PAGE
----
At this point I felt like the film had spilled out of the screen and infected reality — our evening was bracketed by chicken-based products descending violently onto linoleum. As the film ended with an unsurprising Third Policeman-style twist, I wondered if Chabrol’s drowsy nightmare was now loose in the world…

*Oddly, the only complete sentence I recall from French lessons is “Mon par-brise est cassé.”

11 Responses to “Go Ask Alice”

  1. Rather surprised you’re unimpressed by Chabrol. Admittedly he’s not in the first ranks of the “New Wave,” but Le Beau Serge fascinated Fassbinder for good reason. Of his early films I’ve always loved Le Cousins (Brialy at his most teasingly witty), and Les Bonnes Femmes and L’Oeil du Malin are teriffic.

    I have a very special fondness for Marie-Chantal Contre Le Dr. Kha.

    While his critical reputation in the US and the UK rests on Les Bichaes, La Femme Infidele and such, I prefer his Huppert flicks like Violette Noziere and the superb Papin sisters variation La Ceremonie (in which she and Sandrine Bonnaire shot-gun-blast
    Jean-Pierre Cassel and my darling Jackie Bisset. Best of all there’s Betty — a fine salute to his ex, Stephane Audran, a truly teriffic Simenon adaptation, and the best film about alcoholism ever made.

  2. Admittedly, I do need to see more Chabrol! And Alice shows he’s perfectly capable of beautiful images when he wants them (and when the film demands them above all else).

  3. Christoph Huber Says:

    I agree that Alice deserves reevaluation. I like to think of it as Uncle Claude’s wacky version of Carnival of Souls. Two other 70s Chabrols highly recommended are the astonishing La rupture and Nada, since they move past (tho not as plain-crazy as Ten Days Wonder) what you’d expect from Chabrol, whose reputation may be kind of a disservice, since it inevitably focuses on the “repectable” side of his work (which rarely touches the heights of, I agree, La ceremonie andi Les bonnes femmes.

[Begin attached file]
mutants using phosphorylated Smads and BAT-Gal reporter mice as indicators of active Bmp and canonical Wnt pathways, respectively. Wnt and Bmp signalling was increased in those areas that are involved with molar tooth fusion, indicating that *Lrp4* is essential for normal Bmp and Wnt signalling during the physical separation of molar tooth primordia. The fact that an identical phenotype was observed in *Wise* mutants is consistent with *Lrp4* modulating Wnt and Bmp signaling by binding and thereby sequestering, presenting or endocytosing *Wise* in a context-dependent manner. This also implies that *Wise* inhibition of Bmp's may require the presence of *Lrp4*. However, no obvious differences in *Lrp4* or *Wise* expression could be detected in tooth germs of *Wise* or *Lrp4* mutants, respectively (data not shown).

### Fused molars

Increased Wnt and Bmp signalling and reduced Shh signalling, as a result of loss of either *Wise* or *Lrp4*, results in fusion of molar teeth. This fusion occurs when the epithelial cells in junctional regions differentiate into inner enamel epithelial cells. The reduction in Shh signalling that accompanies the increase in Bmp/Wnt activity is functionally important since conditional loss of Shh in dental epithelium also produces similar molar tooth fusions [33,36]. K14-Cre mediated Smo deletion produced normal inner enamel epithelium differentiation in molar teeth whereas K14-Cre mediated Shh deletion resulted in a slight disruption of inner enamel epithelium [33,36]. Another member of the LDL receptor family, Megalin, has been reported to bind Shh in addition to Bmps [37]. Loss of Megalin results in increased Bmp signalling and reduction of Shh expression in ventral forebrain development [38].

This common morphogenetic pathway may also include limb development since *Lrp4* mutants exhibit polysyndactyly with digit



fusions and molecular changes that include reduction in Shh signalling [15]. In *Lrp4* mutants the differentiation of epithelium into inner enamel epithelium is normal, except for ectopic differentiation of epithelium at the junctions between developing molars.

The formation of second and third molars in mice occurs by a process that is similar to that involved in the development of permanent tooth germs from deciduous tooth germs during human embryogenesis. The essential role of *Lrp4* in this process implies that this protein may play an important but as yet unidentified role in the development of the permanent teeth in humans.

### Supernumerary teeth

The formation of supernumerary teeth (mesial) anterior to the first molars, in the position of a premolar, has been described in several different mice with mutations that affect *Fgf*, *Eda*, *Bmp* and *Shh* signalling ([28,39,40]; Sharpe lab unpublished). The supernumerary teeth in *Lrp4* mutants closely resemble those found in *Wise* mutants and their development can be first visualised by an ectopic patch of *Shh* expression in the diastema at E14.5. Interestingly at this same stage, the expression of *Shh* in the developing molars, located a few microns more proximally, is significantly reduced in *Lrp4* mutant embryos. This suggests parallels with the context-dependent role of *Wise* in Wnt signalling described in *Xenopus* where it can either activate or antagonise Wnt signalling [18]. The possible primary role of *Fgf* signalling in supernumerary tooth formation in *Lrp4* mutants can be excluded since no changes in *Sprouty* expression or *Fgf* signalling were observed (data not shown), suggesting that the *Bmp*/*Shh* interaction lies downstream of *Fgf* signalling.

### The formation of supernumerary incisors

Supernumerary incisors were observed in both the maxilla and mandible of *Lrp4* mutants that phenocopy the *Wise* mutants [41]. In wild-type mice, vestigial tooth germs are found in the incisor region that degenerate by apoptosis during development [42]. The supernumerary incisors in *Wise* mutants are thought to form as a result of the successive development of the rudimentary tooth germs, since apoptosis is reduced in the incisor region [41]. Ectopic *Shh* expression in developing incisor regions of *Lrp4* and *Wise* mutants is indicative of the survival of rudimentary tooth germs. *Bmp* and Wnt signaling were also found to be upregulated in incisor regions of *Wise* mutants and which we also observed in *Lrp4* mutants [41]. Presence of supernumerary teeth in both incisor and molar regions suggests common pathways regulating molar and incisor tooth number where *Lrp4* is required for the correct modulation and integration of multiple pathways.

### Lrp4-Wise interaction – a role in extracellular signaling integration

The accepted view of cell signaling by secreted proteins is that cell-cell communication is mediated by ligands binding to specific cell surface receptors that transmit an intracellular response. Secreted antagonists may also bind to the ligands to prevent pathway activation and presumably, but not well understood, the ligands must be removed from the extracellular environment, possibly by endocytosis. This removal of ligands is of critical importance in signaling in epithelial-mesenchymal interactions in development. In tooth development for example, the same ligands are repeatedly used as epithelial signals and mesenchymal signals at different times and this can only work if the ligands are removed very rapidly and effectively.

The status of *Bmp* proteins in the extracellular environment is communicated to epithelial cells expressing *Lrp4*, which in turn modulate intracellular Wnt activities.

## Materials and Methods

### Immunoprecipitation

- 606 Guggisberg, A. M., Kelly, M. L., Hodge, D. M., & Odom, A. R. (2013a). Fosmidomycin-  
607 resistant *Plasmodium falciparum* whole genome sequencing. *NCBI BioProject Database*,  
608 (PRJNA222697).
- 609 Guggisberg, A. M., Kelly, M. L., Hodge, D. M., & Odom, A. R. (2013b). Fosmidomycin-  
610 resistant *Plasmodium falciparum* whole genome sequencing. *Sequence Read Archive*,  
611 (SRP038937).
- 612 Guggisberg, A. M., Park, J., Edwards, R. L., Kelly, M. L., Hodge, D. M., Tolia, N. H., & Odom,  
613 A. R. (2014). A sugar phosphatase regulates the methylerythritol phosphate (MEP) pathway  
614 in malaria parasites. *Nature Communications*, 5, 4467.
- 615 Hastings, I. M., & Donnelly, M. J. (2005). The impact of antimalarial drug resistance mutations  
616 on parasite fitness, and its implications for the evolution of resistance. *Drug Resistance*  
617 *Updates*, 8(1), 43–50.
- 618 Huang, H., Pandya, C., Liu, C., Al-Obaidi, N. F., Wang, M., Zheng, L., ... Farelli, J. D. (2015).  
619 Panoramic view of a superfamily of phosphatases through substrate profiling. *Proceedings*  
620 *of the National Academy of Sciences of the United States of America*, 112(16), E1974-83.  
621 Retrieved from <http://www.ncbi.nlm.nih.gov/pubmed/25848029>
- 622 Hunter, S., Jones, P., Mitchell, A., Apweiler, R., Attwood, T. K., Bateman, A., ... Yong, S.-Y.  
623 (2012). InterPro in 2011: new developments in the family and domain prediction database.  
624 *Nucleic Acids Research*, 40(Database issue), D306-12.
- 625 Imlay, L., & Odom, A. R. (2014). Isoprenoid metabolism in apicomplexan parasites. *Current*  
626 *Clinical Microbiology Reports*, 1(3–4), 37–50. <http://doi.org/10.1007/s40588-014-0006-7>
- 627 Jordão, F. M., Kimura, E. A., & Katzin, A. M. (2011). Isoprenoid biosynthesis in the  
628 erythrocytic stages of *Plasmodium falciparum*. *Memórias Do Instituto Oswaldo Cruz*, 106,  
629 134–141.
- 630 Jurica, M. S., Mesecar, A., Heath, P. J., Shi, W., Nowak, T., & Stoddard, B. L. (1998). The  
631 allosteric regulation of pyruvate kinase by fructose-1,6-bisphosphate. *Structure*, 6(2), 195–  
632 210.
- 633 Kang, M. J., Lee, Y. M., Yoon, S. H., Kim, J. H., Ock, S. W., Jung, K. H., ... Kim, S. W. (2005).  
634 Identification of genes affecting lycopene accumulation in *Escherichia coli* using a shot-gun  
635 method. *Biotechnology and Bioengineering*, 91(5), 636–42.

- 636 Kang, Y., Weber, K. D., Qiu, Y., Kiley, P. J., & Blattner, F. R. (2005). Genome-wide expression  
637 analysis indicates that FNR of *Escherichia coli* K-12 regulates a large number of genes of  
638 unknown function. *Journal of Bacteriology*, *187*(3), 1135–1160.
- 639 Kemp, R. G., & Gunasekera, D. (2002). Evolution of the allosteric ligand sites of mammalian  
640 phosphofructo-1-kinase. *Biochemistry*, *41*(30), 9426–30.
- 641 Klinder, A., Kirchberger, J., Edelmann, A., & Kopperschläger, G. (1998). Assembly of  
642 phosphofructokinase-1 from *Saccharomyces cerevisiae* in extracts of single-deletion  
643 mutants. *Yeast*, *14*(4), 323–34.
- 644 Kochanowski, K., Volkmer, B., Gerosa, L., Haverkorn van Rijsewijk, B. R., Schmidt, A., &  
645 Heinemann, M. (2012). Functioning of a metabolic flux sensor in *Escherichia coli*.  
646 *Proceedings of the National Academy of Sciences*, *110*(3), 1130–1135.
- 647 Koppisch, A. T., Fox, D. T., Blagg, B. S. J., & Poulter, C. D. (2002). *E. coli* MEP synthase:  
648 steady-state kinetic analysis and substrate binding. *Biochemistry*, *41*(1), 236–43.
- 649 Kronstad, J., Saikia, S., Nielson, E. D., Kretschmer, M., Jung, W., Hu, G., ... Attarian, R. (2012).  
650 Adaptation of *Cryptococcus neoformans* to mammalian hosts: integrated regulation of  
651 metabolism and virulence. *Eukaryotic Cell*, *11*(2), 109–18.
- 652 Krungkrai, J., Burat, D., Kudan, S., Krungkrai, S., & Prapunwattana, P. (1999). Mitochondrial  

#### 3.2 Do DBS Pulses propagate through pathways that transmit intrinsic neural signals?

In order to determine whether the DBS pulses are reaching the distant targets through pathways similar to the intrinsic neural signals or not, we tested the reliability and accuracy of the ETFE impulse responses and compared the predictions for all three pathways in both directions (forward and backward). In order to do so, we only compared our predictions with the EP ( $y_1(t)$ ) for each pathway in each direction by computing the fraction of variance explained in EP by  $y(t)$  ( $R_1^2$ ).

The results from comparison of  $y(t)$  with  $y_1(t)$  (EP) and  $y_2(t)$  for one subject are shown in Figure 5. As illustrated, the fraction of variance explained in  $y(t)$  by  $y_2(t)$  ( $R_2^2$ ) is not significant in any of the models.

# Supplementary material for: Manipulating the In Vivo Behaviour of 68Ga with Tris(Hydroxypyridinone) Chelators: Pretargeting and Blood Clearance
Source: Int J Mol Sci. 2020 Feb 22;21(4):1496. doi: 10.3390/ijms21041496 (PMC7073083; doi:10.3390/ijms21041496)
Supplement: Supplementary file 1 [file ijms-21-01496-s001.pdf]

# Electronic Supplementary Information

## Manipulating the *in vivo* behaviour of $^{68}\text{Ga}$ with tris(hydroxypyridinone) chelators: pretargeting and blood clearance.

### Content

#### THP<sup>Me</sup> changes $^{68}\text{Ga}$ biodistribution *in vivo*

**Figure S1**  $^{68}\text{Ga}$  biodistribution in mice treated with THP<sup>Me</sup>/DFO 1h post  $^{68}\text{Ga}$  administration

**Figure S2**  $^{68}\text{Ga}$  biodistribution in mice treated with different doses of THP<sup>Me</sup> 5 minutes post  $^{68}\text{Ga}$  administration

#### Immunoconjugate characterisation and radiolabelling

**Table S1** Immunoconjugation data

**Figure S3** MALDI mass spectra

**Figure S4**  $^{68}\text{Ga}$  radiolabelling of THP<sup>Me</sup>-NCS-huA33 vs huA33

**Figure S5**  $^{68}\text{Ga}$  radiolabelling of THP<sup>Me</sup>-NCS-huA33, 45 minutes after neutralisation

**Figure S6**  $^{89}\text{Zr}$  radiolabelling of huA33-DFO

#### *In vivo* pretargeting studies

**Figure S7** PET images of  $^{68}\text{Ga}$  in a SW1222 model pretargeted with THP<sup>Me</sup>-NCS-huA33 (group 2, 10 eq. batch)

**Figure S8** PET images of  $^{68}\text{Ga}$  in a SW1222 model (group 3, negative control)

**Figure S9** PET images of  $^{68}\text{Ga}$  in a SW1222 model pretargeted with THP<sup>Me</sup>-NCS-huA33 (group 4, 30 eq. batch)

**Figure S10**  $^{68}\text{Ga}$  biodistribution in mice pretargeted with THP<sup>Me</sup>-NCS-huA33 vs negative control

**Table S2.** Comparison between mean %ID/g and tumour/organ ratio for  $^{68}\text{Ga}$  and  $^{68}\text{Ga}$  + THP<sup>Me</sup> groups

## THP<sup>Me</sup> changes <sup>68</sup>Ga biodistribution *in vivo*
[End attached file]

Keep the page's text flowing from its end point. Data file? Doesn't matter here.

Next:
4. Oh yes, La Rupture is also noteworthy for being a go-for-broke , all-stops-out melodrama, and for its central sequence — a hommage to Murnau’s Sunrise.

  5. Are you talking about the tram scene in La Rupture David E?

    Alice sounds (and looks) fascinating!

    I really, really like Chabrol and have the theory that he is creating flat, almost uninteresting everday worlds and then punctures them with elements that make you view all the previous uninflected moments in a completely different way such as the opening domestic tiff and ending drug trip in La Rupture and so on. I think that works beautifully for twisty murder mystery films as you are constantly being thrown off guard and given a new perspective on what came before as part of the genre mechanics themselves – but Chabrol deemphasises the genre trappings to such an extent that when shocking moments occur in La femme infidele or La Ceremonie they are given much more impact as they truly do seem to come out of nowhere. They don’t, as the rest of the films have been building to it, but it really emphasises the break between the ‘normal’ and the extreme and whether there is much of a difference between the casually nasty games played in Les Biches and the final denoument that she is driven to.

    And on the other end of that there are things like La Boucher where we fully empathise with a killer – perhaps because we never get to see him committing his crimes we can still think of him as a troubled character.

  6. Oh yes the tram sequence. I also like Dr. Popual (which is referenced in, of all things, Spielberg’s Munich) with Jean-Paul Belmondo, Mia Farrow and Laura Antonelli. The latter, needless to say, supplies the va-va-voom, while Farrow is made up to look like Jerry Lewis in The Nutty Professor. Chabrol arranged the shooting locations in and around his favorite restaurants in the middle east.

  7. Well this is good, I have some good recommendations to be going on with now when I delve deeper into CC’s work. It may be that I’ve been unlucky in my viewing: CC is so extraordinarily prolific and long-lived (I guess he’s outproduced Hitchcock now, in terms of sheer quantity) that he’s bound to have a few duds.

  8. I am a huge Chabrol fan and hardly know where to begin the recommendations, but the top tier for me is Les Bonnes Femmes, Le Boucher, La Rupture, and La Ceremonie. I”ve never seen Alice – I stupidly passed an opportunity to see it at Filmex 1977 in LA because I thought the ticket was too expensive, and it never came anywhere near me again.

  9. Might be worth getting the French disc — there’s really very little dialogue, and the film is just as puzzling whether you understand it or not. A fascinating departure for CC — it’s like his Black Moon.

  10. The first Chabrol film I saw was Dr M which, while fascinating and a film that I keep meaning to revisit now that I’ve seen some of his more representative works, was probably not the best place to start!

  11. It’s meant to be a failure, but I’d be keen to see it sometime. Alice is another Langian homage film.